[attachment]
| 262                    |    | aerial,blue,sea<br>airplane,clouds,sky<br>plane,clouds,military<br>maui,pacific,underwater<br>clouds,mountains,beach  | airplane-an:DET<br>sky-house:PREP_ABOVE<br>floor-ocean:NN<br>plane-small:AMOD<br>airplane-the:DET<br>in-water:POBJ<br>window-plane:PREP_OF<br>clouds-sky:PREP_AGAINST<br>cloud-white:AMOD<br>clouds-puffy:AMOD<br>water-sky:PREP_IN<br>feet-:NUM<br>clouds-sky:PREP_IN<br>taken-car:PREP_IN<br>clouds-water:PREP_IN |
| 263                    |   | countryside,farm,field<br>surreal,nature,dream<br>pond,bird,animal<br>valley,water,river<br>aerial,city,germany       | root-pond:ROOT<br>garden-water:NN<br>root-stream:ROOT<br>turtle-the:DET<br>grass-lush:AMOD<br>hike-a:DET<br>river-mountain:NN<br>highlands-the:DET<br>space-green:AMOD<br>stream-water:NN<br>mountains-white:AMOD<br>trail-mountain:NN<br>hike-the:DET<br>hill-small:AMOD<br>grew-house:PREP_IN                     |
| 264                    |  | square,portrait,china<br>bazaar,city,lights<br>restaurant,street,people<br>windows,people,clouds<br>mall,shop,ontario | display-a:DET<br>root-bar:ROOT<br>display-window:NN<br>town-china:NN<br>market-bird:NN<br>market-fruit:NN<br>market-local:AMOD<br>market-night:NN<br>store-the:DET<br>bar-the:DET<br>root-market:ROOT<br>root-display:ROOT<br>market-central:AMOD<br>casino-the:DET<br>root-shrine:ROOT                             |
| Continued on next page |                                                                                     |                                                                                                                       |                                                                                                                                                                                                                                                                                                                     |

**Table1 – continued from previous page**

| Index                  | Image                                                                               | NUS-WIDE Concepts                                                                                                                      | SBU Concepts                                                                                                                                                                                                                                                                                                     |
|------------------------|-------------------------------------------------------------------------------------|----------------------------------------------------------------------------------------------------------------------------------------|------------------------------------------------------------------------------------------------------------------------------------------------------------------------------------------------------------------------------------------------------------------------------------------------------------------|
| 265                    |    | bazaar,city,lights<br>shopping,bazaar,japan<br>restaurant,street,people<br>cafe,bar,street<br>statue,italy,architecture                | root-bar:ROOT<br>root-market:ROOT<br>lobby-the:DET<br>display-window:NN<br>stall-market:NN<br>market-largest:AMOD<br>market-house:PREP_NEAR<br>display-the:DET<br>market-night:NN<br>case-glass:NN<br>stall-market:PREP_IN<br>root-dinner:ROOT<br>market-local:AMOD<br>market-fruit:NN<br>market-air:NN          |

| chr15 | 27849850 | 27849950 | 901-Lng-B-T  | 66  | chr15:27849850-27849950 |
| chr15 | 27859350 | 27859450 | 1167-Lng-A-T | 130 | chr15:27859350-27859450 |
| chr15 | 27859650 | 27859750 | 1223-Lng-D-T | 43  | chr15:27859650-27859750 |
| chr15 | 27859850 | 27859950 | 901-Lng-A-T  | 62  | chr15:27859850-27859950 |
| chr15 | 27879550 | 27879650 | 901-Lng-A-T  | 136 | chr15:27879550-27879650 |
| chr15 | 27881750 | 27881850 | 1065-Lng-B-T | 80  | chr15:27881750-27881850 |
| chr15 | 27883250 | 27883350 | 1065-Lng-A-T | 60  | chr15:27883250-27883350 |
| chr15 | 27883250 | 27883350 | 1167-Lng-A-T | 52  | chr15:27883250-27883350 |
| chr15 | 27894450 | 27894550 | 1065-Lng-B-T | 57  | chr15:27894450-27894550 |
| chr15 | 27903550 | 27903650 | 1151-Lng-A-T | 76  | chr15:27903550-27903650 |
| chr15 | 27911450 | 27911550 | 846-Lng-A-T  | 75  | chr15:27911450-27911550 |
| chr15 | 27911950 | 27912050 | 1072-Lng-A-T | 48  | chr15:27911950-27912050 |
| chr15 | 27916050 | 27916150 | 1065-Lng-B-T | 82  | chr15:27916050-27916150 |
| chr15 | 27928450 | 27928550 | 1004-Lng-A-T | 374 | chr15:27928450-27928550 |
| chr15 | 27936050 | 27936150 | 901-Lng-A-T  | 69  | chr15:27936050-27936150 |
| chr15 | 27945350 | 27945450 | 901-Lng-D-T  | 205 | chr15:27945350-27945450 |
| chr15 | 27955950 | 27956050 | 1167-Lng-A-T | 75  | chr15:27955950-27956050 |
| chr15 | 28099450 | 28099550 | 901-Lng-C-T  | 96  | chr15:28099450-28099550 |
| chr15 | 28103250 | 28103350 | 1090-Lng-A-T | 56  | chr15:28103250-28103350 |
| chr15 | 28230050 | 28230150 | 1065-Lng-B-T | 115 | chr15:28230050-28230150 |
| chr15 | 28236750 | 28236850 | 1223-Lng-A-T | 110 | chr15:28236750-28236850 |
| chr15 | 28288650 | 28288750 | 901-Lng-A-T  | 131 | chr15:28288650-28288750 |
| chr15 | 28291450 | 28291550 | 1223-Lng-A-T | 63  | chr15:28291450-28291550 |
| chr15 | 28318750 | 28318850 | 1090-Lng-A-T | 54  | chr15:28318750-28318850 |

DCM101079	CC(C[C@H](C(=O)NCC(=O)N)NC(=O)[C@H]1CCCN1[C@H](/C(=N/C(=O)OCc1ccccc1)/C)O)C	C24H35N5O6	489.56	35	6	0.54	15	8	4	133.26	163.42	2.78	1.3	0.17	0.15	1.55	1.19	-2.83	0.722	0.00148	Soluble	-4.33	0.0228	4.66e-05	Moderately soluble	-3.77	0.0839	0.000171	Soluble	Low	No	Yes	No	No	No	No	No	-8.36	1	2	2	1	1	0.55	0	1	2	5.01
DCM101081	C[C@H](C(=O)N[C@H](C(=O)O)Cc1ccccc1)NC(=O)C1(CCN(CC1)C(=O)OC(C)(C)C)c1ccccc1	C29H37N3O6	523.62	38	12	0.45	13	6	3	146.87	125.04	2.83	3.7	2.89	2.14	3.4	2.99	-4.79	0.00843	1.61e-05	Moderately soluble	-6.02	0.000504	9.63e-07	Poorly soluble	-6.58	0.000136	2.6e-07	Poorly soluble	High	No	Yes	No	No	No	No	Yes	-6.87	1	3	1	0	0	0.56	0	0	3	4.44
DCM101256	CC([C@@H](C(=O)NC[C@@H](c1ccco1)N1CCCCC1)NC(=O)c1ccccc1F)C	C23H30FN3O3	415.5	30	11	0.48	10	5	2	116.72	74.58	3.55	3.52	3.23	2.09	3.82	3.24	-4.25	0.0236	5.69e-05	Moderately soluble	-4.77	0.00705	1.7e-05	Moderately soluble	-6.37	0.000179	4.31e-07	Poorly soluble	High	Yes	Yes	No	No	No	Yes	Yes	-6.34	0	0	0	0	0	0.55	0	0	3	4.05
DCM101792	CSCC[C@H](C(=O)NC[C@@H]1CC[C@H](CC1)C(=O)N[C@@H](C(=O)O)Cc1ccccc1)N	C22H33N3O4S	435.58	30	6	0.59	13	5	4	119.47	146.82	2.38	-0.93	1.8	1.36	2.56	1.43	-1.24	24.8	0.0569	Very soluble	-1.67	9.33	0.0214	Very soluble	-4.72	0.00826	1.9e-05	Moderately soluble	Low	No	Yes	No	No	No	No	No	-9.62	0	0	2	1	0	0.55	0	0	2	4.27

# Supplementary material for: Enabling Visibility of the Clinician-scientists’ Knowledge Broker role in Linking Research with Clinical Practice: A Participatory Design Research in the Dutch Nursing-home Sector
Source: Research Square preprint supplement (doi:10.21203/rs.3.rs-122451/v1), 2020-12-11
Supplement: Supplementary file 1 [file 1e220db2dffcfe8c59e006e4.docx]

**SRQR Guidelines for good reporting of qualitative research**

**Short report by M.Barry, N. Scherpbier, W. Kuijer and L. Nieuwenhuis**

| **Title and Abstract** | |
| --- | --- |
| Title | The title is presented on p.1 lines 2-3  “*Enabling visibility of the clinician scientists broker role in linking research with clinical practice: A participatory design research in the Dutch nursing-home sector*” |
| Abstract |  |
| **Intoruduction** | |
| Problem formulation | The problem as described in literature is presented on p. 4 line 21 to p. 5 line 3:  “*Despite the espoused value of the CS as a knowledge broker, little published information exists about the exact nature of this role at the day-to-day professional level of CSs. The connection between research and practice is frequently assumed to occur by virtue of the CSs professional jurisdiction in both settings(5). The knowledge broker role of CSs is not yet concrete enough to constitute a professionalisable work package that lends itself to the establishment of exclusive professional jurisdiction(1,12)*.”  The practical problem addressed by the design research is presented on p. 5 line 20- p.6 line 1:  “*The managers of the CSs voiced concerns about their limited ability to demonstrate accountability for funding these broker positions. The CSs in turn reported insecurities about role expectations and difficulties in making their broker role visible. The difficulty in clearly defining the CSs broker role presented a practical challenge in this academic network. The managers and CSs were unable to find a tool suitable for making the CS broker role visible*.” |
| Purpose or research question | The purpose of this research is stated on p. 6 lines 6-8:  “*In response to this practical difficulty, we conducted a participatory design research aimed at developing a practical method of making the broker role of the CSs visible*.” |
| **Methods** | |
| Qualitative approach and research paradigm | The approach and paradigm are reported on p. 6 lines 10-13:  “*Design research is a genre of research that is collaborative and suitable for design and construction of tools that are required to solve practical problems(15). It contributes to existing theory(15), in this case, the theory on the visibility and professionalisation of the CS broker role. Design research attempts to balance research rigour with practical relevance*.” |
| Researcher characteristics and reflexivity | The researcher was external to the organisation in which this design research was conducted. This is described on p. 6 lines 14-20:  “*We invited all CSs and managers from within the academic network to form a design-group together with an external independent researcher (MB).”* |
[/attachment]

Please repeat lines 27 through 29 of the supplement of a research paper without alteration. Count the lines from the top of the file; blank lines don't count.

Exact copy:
| chr15 | 28103250 | 28103350 | 1090-Lng-A-T | 56  | chr15:28103250-28103350 |
| chr15 | 28230050 | 28230150 | 1065-Lng-B-T | 115 | chr15:28230050-28230150 |
| chr15 | 28236750 | 28236850 | 1223-Lng-A-T | 110 | chr15:28236750-28236850 |